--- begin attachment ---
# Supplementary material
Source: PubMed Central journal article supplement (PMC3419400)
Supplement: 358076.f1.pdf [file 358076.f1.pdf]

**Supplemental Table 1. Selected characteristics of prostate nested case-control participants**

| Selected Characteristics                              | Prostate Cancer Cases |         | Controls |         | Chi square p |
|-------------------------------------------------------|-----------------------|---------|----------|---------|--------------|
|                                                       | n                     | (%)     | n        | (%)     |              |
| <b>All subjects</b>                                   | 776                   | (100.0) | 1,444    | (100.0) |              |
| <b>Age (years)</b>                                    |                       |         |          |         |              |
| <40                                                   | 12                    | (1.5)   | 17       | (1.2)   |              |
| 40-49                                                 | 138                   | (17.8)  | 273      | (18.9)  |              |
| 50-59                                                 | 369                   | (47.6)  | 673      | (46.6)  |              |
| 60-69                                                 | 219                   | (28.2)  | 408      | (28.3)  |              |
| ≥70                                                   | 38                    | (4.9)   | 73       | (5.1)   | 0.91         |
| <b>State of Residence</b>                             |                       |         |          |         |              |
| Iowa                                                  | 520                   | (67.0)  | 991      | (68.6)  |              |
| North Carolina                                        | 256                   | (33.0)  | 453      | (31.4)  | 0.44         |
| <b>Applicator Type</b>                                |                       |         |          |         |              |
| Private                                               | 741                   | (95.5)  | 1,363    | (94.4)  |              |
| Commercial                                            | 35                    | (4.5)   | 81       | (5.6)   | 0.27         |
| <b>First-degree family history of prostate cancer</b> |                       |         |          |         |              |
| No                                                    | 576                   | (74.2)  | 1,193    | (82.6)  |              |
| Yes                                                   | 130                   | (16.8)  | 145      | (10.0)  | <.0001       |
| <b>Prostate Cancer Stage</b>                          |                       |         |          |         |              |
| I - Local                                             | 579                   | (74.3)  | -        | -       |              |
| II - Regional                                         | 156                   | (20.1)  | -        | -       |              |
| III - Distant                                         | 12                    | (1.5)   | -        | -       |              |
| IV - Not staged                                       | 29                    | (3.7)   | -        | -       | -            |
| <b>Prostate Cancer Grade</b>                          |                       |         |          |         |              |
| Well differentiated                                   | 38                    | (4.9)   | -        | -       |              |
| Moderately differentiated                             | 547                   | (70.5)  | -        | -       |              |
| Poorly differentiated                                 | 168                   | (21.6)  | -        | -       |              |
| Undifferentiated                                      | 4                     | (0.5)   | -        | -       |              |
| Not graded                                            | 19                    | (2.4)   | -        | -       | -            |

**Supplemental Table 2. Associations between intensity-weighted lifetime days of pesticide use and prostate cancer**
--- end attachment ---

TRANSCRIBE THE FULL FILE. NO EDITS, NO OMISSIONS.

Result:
# Supplementary material
Source: PubMed Central journal article supplement (PMC3419400)
Supplement: 358076.f1.pdf [file 358076.f1.pdf]

**Supplemental Table 1. Selected characteristics of prostate nested case-control participants**

| Selected Characteristics                              | Prostate Cancer Cases |         | Controls |         | Chi square p |
|-------------------------------------------------------|-----------------------|---------|----------|---------|--------------|
|                                                       | n                     | (%)     | n        | (%)     |              |
| <b>All subjects</b>                                   | 776                   | (100.0) | 1,444    | (100.0) |              |
| <b>Age (years)</b>                                    |                       |         |          |         |              |
| <40                                                   | 12                    | (1.5)   | 17       | (1.2)   |              |
| 40-49                                                 | 138                   | (17.8)  | 273      | (18.9)  |              |
| 50-59                                                 | 369                   | (47.6)  | 673      | (46.6)  |              |
| 60-69                                                 | 219                   | (28.2)  | 408      | (28.3)  |              |
| ≥70                                                   | 38                    | (4.9)   | 73       | (5.1)   | 0.91         |
| <b>State of Residence</b>                             |                       |         |          |         |              |
| Iowa                                                  | 520                   | (67.0)  | 991      | (68.6)  |              |
| North Carolina                                        | 256                   | (33.0)  | 453      | (31.4)  | 0.44         |
| <b>Applicator Type</b>                                |                       |         |          |         |              |
| Private                                               | 741                   | (95.5)  | 1,363    | (94.4)  |              |
| Commercial                                            | 35                    | (4.5)   | 81       | (5.6)   | 0.27         |
| <b>First-degree family history of prostate cancer</b> |                       |         |          |         |              |
| No                                                    | 576                   | (74.2)  | 1,193    | (82.6)  |              |
| Yes                                                   | 130                   | (16.8)  | 145      | (10.0)  | <.0001       |
| <b>Prostate Cancer Stage</b>                          |                       |         |          |         |              |
| I - Local                                             | 579                   | (74.3)  | -        | -       |              |
| II - Regional                                         | 156                   | (20.1)  | -        | -       |              |
| III - Distant                                         | 12                    | (1.5)   | -        | -       |              |
| IV - Not staged                                       | 29                    | (3.7)   | -        | -       | -            |
| <b>Prostate Cancer Grade</b>                          |                       |         |          |         |              |
| Well differentiated                                   | 38                    | (4.9)   | -        | -       |              |
| Moderately differentiated                             | 547                   | (70.5)  | -        | -       |              |
| Poorly differentiated                                 | 168                   | (21.6)  | -        | -       |              |
| Undifferentiated                                      | 4                     | (0.5)   | -        | -       |              |
| Not graded                                            | 19                    | (2.4)   | -        | -       | -            |

**Supplemental Table 2. Associations between intensity-weighted lifetime days of pesticide use and prostate cancer**